Example Computer System Environment

With reference now to FIG. 1, portions of the technology for failure recognition are composed of computer-readable and computer-executable instructions that reside, for example, in computer-usable media of a computer system. That is, FIG. 1 illustrates one example of a type of computer that can be used to implement embodiments, which are discussed below, of the present technology for failure recognition.

FIG. 1 illustrates an exemplary computer system 100 used in accordance with embodiments of the present technology for failure recognition. It is appreciated that system 100 of FIG. 1 is exemplary only and that the present technology for failure recognition can operate on or within a number of different computer systems including general purpose networked computer systems, embedded computer systems, routers, switches, server devices, consumer devices, various intermediate devices/artifacts, stand alone computer systems, and the like. As shown in FIG. 1, computer system 100 of FIG. 1 is well adapted to having peripheral computer readable media 102 such as, for example, a floppy disk, a compact disc, and the like coupled thereto.

System 100 of FIG. 1 includes an address/data bus 104 for communicating information, and a processor 106A coupled to bus 104 for processing information and instructions. As depicted in FIG. 1, system 100 is also well suited to a multi-processor environment in which a plurality of processors 106A, 106B, and 106C are present. Conversely, system 100 is also well suited to having a single processor such as, for example, processor 106A. Processors 106A, 106B, and 106C may be any of various types of microprocessors. System 100 also includes data storage features such as a computer usable volatile memory 108, e.g. random access memory (RAM), coupled to bus 104 for storing information and instructions for processors 106A, 106B, and 106C.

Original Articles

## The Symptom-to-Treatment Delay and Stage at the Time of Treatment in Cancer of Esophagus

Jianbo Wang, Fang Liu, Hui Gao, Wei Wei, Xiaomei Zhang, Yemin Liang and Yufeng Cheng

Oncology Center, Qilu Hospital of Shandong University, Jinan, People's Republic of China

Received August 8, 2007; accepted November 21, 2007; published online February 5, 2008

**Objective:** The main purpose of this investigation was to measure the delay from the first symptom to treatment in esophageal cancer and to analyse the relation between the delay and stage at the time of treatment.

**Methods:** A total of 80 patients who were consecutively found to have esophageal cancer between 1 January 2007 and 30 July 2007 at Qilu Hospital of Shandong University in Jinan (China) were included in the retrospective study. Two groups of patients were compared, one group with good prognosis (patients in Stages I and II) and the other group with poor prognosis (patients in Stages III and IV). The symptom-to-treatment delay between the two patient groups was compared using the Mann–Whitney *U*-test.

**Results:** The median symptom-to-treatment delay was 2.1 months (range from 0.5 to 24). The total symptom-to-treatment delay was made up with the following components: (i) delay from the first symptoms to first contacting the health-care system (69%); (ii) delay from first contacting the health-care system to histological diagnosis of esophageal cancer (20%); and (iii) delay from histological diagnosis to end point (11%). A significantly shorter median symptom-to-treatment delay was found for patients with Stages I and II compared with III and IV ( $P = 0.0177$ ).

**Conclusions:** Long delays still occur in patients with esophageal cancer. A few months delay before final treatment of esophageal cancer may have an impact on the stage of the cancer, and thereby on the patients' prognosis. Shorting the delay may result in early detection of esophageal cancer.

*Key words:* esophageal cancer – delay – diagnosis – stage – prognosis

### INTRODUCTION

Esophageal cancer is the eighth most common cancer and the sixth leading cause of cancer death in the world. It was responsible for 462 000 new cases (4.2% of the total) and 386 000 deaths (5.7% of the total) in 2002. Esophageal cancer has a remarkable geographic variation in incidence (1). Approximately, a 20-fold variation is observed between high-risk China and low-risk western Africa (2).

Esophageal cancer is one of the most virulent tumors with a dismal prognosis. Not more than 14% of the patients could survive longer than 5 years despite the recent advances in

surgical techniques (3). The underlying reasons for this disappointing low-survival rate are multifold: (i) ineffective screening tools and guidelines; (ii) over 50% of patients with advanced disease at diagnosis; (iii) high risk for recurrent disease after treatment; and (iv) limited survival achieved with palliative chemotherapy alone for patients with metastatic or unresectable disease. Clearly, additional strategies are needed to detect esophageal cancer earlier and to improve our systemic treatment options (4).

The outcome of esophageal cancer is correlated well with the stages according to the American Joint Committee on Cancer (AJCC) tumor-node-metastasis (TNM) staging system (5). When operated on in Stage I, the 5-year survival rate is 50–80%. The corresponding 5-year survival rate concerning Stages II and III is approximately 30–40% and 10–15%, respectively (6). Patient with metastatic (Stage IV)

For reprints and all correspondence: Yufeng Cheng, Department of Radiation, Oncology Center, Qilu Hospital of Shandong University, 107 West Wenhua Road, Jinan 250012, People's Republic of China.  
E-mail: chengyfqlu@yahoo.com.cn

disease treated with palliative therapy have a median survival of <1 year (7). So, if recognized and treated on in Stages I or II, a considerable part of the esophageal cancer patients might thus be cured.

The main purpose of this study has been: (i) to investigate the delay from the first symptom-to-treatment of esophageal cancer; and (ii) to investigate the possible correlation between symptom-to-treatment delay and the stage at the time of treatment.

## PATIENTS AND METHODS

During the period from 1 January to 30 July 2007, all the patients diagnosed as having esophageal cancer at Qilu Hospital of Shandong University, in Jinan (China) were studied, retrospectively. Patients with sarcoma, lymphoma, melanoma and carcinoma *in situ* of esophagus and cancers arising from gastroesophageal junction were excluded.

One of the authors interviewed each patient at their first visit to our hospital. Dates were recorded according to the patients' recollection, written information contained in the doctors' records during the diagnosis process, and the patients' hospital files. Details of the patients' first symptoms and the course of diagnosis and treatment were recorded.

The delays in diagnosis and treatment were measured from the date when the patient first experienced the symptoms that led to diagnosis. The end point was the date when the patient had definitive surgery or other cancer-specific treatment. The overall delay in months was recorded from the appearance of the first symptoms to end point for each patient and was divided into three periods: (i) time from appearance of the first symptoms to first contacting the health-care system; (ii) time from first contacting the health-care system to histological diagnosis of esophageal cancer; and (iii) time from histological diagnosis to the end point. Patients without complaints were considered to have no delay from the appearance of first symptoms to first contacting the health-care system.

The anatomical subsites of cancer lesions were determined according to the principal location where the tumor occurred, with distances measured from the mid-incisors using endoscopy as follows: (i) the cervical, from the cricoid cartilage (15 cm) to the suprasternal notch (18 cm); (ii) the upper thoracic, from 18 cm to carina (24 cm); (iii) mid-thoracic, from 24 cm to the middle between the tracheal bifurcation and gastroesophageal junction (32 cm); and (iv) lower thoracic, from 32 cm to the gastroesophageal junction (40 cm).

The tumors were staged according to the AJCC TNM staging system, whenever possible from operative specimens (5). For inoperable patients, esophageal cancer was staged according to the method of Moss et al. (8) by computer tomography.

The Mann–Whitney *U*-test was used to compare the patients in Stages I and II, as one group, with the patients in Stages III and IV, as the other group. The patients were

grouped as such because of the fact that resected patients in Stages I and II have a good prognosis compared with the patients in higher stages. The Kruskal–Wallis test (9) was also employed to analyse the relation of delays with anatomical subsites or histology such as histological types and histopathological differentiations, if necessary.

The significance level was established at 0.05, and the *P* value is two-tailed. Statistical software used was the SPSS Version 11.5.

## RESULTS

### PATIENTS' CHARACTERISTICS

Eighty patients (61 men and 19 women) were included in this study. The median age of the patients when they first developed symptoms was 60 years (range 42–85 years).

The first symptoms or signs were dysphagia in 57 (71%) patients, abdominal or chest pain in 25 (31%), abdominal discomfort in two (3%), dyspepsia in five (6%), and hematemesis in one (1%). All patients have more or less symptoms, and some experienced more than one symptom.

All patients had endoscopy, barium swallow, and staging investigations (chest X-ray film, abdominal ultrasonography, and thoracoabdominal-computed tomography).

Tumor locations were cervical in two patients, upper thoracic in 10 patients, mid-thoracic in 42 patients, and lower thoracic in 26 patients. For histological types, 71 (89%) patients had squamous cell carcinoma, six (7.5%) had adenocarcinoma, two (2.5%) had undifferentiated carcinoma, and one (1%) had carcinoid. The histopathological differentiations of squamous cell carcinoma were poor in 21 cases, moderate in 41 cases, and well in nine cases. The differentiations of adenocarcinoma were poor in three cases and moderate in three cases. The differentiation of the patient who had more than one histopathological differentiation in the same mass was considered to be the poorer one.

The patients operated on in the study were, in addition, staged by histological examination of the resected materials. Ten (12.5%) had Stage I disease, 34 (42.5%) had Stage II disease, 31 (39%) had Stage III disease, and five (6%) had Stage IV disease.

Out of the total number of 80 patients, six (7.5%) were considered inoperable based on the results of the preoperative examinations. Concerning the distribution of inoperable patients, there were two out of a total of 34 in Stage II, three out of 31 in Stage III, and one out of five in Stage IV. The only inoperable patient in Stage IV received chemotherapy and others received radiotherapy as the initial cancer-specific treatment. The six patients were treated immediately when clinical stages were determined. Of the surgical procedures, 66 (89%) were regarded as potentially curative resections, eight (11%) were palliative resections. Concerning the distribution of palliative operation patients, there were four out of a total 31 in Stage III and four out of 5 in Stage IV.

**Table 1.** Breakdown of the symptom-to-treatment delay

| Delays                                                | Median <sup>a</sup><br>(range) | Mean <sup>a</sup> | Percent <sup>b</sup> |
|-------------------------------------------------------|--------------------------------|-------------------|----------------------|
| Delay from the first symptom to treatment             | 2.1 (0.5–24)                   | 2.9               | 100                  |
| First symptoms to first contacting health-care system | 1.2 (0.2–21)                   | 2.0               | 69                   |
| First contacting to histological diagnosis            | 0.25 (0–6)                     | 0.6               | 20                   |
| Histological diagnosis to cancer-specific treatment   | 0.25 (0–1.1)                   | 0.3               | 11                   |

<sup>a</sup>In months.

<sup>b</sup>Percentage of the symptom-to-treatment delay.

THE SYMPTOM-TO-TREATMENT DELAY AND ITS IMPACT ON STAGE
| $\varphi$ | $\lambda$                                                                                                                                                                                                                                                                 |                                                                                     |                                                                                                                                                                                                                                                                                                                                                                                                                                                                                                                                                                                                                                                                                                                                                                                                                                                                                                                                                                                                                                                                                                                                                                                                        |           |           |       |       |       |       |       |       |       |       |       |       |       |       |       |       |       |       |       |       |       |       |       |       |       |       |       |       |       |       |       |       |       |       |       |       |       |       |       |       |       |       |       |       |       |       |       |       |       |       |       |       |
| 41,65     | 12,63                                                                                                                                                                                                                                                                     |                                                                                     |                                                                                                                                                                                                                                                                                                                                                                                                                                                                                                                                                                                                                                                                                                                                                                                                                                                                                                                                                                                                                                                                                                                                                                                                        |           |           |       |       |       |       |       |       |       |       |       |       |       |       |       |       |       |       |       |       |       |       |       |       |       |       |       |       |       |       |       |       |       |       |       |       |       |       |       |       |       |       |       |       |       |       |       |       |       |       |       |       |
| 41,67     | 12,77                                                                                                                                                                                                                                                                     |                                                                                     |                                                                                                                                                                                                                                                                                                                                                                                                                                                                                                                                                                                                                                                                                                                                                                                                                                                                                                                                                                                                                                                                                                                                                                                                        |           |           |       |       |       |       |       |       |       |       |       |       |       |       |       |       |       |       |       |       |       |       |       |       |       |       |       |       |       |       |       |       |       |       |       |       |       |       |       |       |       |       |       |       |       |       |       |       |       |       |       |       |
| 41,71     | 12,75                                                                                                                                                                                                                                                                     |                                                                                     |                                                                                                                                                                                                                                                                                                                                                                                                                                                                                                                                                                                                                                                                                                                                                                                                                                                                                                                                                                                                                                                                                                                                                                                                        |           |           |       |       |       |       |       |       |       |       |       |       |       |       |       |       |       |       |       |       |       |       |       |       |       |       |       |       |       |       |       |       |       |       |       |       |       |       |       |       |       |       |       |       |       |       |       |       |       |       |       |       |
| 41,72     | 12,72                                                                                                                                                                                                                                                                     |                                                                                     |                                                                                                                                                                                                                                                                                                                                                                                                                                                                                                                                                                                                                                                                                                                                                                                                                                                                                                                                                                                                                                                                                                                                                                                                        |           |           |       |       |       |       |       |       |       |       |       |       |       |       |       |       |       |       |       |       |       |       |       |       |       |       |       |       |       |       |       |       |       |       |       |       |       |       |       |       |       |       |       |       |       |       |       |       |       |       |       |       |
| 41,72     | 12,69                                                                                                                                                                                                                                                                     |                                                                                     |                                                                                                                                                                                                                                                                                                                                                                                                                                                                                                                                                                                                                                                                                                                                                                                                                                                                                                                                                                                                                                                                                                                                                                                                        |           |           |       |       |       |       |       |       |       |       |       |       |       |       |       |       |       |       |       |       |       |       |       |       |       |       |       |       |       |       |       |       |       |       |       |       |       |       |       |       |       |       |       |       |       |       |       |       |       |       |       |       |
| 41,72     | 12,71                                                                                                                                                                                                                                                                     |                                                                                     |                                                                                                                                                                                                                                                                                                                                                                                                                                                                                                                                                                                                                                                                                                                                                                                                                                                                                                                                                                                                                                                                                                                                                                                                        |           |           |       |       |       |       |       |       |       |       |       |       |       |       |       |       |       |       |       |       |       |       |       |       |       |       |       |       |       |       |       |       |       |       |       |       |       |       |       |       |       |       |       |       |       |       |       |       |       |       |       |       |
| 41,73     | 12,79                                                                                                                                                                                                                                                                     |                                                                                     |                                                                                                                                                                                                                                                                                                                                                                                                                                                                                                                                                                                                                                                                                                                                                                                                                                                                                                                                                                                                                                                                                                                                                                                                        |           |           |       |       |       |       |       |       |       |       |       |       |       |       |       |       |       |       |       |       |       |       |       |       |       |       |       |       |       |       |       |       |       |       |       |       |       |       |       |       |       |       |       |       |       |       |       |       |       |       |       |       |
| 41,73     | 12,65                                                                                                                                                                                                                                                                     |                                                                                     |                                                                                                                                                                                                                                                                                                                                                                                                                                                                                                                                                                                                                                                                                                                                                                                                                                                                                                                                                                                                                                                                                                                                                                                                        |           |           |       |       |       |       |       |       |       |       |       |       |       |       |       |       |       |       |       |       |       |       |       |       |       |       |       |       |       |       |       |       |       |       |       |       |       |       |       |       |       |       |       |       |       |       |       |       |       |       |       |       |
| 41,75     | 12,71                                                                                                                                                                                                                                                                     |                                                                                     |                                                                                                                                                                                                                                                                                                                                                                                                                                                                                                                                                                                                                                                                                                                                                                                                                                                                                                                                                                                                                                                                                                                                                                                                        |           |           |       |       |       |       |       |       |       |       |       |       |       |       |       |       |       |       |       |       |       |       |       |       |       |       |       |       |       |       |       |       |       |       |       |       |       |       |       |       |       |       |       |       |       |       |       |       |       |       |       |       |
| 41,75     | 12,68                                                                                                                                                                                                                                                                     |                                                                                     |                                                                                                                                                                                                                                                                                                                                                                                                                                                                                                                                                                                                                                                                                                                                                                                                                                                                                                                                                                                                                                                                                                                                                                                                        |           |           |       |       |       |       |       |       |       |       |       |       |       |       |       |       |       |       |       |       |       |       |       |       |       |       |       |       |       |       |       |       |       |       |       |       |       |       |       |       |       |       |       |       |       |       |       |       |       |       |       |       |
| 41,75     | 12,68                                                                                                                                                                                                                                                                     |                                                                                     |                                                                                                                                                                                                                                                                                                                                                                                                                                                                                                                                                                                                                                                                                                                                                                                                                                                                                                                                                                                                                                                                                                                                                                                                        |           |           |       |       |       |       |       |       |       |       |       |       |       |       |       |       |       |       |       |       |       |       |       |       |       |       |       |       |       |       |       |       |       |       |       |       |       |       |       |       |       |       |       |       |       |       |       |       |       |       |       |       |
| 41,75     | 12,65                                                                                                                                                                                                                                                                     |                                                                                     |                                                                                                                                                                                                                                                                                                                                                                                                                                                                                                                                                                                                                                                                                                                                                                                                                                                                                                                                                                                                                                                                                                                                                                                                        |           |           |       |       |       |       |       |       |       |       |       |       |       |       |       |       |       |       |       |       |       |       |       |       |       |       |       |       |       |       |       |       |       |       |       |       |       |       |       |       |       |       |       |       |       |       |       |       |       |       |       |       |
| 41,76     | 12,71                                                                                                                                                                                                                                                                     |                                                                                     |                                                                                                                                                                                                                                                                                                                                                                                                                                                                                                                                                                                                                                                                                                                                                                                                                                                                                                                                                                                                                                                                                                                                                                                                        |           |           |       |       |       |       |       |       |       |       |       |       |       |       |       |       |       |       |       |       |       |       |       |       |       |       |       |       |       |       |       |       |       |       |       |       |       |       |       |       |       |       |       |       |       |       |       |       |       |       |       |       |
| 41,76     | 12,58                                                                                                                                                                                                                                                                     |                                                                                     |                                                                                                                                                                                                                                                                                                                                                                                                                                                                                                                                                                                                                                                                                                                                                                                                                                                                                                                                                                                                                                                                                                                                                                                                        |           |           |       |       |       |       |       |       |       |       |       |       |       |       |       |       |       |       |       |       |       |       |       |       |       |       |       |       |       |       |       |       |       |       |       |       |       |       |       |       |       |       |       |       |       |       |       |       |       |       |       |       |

System 100 also includes computer usable non-volatile memory 110, e.g. read only memory (ROM), coupled to bus 104 for storing static information and instructions for processors 106A, 106B, and 106C. Also present in system 100 is a data storage unit 112 (e.g., a magnetic or optical disk and disk drive) coupled to bus 104 for storing information and instructions. System 100 also includes an optional alphanumeric input device 114 including alphanumeric and function keys coupled to bus 104 for communicating information and command selections to processor 106A or processors 106A, 106B, and 106C. System 100 also includes an optional cursor control device 116 coupled to bus 104 for communicating user input information and command selections to processor 106A or processors 106A, 106B, and 106C. System 100 of the present embodiment also includes an optional display device 118 coupled to bus 104 for displaying information.

Referring still to FIG. 1, optional display device 118 of FIG. 1 may be a liquid crystal device, cathode ray tube, plasma display device or other display device suitable for creating graphic images and alphanumeric characters recognizable to a user. Optional cursor control device 116 allows the computer user to dynamically signal the movement of a visible symbol (cursor) on a display screen of display device 118. Many implementations of cursor control device 116 are known in the art including a trackball, mouse, touch pad, joystick or special keys on alpha-numeric input device 114 capable of signaling movement of a given direction or manner of displacement. Alternatively, it will be appreciated that a cursor can be directed and/or activated via input from alpha-numeric input device 114 using special keys and key sequence commands.